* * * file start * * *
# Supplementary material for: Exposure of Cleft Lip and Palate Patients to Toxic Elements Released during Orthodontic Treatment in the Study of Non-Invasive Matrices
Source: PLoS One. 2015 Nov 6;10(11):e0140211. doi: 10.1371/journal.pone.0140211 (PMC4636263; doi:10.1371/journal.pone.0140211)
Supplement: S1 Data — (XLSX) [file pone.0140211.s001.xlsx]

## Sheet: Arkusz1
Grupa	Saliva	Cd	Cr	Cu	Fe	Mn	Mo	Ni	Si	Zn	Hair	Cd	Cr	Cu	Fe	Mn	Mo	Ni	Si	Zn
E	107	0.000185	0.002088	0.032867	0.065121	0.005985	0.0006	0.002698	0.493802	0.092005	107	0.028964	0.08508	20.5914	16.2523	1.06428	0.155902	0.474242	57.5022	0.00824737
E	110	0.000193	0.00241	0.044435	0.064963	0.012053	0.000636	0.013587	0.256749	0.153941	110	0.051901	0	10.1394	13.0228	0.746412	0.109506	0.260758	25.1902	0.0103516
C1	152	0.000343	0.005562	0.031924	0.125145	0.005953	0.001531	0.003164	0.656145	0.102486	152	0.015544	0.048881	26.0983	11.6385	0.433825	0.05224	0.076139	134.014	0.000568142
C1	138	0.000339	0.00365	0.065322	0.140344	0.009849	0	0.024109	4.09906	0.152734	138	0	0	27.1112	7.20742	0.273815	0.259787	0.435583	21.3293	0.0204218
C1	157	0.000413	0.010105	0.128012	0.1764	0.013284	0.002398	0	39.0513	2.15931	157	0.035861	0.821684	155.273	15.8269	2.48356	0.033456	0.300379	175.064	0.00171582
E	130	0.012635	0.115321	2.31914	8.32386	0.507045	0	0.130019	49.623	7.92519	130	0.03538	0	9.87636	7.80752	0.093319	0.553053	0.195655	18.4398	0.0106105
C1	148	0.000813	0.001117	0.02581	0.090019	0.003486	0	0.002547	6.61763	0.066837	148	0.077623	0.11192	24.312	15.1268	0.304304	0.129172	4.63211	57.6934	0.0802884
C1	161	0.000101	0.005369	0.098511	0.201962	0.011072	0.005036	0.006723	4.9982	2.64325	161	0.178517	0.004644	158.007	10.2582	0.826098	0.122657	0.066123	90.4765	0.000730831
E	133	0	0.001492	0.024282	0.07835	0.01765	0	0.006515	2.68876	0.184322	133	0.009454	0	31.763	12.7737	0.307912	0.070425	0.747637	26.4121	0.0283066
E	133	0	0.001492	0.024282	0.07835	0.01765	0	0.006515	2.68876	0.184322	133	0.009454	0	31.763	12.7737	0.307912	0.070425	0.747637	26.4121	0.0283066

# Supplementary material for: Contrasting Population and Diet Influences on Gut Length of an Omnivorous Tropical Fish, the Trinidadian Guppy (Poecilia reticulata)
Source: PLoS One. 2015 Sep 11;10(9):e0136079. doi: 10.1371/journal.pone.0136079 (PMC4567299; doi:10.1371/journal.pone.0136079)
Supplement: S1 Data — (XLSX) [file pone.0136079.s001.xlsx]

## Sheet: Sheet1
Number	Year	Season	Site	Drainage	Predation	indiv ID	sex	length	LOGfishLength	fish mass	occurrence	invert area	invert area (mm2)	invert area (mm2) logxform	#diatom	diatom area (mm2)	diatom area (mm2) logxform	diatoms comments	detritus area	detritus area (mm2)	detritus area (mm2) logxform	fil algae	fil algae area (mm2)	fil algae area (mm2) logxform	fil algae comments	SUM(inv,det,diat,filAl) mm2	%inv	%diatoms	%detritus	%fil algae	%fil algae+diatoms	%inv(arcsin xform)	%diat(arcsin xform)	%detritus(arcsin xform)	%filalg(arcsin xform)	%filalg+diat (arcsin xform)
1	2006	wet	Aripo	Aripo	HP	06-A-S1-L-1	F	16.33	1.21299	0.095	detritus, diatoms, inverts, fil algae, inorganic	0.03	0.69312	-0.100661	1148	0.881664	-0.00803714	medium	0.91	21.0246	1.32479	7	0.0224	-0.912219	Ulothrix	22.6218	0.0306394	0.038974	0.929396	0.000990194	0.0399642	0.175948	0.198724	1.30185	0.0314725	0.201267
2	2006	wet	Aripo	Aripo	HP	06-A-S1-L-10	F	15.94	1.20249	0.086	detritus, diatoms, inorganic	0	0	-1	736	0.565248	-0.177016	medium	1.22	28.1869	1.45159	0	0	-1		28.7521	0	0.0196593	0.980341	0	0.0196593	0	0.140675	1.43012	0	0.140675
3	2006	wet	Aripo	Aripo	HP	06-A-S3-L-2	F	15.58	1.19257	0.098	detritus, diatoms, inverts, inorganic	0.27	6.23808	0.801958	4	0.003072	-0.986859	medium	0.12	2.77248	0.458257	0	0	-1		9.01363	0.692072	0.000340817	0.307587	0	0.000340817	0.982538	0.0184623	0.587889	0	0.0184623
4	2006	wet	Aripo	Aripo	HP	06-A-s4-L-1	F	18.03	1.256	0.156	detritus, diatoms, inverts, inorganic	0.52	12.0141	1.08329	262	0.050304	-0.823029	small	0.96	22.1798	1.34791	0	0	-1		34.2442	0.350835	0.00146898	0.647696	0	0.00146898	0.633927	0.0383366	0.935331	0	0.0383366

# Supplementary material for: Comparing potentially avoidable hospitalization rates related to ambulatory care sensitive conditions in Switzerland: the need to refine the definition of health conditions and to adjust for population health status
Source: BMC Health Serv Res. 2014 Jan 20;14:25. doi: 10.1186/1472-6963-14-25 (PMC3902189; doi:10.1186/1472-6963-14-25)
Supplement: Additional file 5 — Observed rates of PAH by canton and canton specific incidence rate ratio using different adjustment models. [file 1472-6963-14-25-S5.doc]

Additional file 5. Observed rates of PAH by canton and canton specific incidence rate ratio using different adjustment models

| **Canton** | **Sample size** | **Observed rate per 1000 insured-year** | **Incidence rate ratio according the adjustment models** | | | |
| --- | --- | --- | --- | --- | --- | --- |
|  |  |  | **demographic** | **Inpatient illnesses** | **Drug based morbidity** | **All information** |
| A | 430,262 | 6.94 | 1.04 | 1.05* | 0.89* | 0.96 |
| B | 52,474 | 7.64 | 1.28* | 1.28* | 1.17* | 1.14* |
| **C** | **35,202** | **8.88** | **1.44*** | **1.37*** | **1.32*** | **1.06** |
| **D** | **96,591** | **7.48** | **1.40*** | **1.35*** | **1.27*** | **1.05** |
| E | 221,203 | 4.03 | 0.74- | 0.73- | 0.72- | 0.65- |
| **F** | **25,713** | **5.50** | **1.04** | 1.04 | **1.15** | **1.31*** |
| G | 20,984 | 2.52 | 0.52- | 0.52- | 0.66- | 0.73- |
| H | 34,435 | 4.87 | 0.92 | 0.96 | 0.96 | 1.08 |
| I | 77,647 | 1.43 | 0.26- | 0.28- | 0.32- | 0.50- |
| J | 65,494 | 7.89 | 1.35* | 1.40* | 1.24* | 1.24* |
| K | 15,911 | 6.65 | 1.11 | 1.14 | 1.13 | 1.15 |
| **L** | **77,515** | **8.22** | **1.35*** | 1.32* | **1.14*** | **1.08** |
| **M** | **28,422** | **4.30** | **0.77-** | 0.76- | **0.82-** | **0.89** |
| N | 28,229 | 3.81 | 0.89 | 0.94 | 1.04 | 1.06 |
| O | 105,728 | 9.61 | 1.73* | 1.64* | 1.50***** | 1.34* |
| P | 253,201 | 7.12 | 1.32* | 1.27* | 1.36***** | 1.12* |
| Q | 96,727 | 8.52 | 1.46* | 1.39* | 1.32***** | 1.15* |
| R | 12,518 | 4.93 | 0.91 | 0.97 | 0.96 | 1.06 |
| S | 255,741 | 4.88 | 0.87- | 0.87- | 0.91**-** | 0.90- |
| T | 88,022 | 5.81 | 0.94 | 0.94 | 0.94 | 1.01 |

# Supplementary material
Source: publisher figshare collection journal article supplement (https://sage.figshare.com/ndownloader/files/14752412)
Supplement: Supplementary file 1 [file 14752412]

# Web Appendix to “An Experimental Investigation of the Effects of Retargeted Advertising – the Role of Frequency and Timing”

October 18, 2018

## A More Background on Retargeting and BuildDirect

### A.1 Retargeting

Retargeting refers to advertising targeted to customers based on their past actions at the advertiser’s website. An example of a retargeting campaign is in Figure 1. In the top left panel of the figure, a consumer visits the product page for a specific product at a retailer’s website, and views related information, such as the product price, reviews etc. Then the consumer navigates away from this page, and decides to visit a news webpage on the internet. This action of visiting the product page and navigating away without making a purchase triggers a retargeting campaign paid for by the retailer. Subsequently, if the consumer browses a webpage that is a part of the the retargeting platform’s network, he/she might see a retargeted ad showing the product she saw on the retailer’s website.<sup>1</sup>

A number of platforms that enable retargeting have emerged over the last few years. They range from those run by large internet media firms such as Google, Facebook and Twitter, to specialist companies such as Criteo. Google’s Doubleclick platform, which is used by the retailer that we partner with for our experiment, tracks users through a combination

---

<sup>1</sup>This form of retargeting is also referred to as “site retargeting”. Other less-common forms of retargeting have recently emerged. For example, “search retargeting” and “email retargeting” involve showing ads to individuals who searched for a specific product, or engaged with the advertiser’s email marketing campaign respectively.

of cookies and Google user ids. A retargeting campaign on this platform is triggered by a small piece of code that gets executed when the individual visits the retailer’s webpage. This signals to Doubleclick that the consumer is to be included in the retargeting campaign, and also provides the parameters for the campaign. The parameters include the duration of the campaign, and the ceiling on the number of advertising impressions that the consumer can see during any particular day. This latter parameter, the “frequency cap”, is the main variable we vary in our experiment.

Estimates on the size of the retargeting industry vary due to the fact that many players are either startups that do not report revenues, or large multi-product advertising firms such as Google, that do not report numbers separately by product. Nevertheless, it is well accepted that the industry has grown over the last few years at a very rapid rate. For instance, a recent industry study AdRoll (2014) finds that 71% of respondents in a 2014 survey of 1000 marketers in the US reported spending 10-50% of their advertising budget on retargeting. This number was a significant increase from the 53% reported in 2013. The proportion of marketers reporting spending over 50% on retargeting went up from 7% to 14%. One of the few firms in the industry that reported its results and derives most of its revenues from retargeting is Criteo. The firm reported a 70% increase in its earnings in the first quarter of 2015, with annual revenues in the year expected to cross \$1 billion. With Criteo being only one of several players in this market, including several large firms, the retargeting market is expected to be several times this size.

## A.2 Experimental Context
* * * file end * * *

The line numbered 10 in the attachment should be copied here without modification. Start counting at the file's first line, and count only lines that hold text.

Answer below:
C1	157	0.000413	0.010105	0.128012	0.1764	0.013284	0.002398	0	39.0513	2.15931	157	0.035861	0.821684	155.273	15.8269	2.48356	0.033456	0.300379	175.064	0.00171582